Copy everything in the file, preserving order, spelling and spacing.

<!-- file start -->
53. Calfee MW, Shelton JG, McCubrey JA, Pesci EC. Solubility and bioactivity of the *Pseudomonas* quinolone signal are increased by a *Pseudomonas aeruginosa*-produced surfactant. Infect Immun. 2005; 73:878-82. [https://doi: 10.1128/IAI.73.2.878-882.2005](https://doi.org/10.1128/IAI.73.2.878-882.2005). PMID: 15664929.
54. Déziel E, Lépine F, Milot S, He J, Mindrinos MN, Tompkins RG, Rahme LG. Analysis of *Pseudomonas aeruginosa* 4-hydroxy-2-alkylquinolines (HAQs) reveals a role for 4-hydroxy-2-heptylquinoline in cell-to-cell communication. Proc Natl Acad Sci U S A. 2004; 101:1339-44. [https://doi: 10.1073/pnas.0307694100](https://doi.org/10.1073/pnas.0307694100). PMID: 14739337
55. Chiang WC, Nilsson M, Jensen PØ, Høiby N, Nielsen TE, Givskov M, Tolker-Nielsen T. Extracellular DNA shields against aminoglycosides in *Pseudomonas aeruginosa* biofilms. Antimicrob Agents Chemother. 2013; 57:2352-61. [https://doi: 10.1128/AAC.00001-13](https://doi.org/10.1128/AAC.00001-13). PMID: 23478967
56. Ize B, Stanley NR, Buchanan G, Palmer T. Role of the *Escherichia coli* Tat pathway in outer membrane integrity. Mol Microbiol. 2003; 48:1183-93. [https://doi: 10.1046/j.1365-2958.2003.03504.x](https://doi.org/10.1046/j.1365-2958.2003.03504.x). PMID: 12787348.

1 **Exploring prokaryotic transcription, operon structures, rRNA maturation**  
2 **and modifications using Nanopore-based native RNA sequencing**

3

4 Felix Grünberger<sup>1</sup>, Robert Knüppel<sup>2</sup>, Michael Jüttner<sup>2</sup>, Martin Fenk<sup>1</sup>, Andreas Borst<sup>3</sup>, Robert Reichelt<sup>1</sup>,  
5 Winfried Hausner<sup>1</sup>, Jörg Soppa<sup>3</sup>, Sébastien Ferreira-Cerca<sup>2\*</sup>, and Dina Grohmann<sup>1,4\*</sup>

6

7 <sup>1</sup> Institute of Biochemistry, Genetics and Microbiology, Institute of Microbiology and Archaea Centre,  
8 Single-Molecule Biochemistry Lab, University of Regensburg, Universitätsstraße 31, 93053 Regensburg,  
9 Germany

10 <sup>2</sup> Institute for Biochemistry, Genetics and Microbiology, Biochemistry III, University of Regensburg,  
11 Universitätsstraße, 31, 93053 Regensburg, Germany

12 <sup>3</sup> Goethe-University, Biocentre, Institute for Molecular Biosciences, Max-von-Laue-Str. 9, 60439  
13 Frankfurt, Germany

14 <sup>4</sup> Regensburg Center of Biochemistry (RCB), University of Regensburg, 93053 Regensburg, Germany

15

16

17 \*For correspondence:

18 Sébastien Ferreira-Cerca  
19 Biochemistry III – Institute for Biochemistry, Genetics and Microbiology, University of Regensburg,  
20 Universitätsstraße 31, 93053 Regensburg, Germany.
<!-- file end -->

53. Calfee MW, Shelton JG, McCubrey JA, Pesci EC. Solubility and bioactivity of the *Pseudomonas* quinolone signal are increased by a *Pseudomonas aeruginosa*-produced surfactant. Infect Immun. 2005; 73:878-82. [https://doi: 10.1128/IAI.73.2.878-882.2005](https://doi.org/10.1128/IAI.73.2.878-882.2005). PMID: 15664929.
54. Déziel E, Lépine F, Milot S, He J, Mindrinos MN, Tompkins RG, Rahme LG. Analysis of *Pseudomonas aeruginosa* 4-hydroxy-2-alkylquinolines (HAQs) reveals a role for 4-hydroxy-2-heptylquinoline in cell-to-cell communication. Proc Natl Acad Sci U S A. 2004; 101:1339-44. [https://doi: 10.1073/pnas.0307694100](https://doi.org/10.1073/pnas.0307694100). PMID: 14739337
55. Chiang WC, Nilsson M, Jensen PØ, Høiby N, Nielsen TE, Givskov M, Tolker-Nielsen T. Extracellular DNA shields against aminoglycosides in *Pseudomonas aeruginosa* biofilms. Antimicrob Agents Chemother. 2013; 57:2352-61. [https://doi: 10.1128/AAC.00001-13](https://doi.org/10.1128/AAC.00001-13). PMID: 23478967
56. Ize B, Stanley NR, Buchanan G, Palmer T. Role of the *Escherichia coli* Tat pathway in outer membrane integrity. Mol Microbiol. 2003; 48:1183-93. [https://doi: 10.1046/j.1365-2958.2003.03504.x](https://doi.org/10.1046/j.1365-2958.2003.03504.x). PMID: 12787348.

1 **Exploring prokaryotic transcription, operon structures, rRNA maturation**  
2 **and modifications using Nanopore-based native RNA sequencing**

3

4 Felix Grünberger<sup>1</sup>, Robert Knüppel<sup>2</sup>, Michael Jüttner<sup>2</sup>, Martin Fenk<sup>1</sup>, Andreas Borst<sup>3</sup>, Robert Reichelt<sup>1</sup>,  
5 Winfried Hausner<sup>1</sup>, Jörg Soppa<sup>3</sup>, Sébastien Ferreira-Cerca<sup>2\*</sup>, and Dina Grohmann<sup>1,4\*</sup>

6

7 <sup>1</sup> Institute of Biochemistry, Genetics and Microbiology, Institute of Microbiology and Archaea Centre,  
8 Single-Molecule Biochemistry Lab, University of Regensburg, Universitätsstraße 31, 93053 Regensburg,  
9 Germany

10 <sup>2</sup> Institute for Biochemistry, Genetics and Microbiology, Biochemistry III, University of Regensburg,  
11 Universitätsstraße, 31, 93053 Regensburg, Germany

12 <sup>3</sup> Goethe-University, Biocentre, Institute for Molecular Biosciences, Max-von-Laue-Str. 9, 60439  
13 Frankfurt, Germany

14 <sup>4</sup> Regensburg Center of Biochemistry (RCB), University of Regensburg, 93053 Regensburg, Germany

15

16

17 \*For correspondence:

18 Sébastien Ferreira-Cerca  
19 Biochemistry III – Institute for Biochemistry, Genetics and Microbiology, University of Regensburg,  
20 Universitätsstraße 31, 93053 Regensburg, Germany.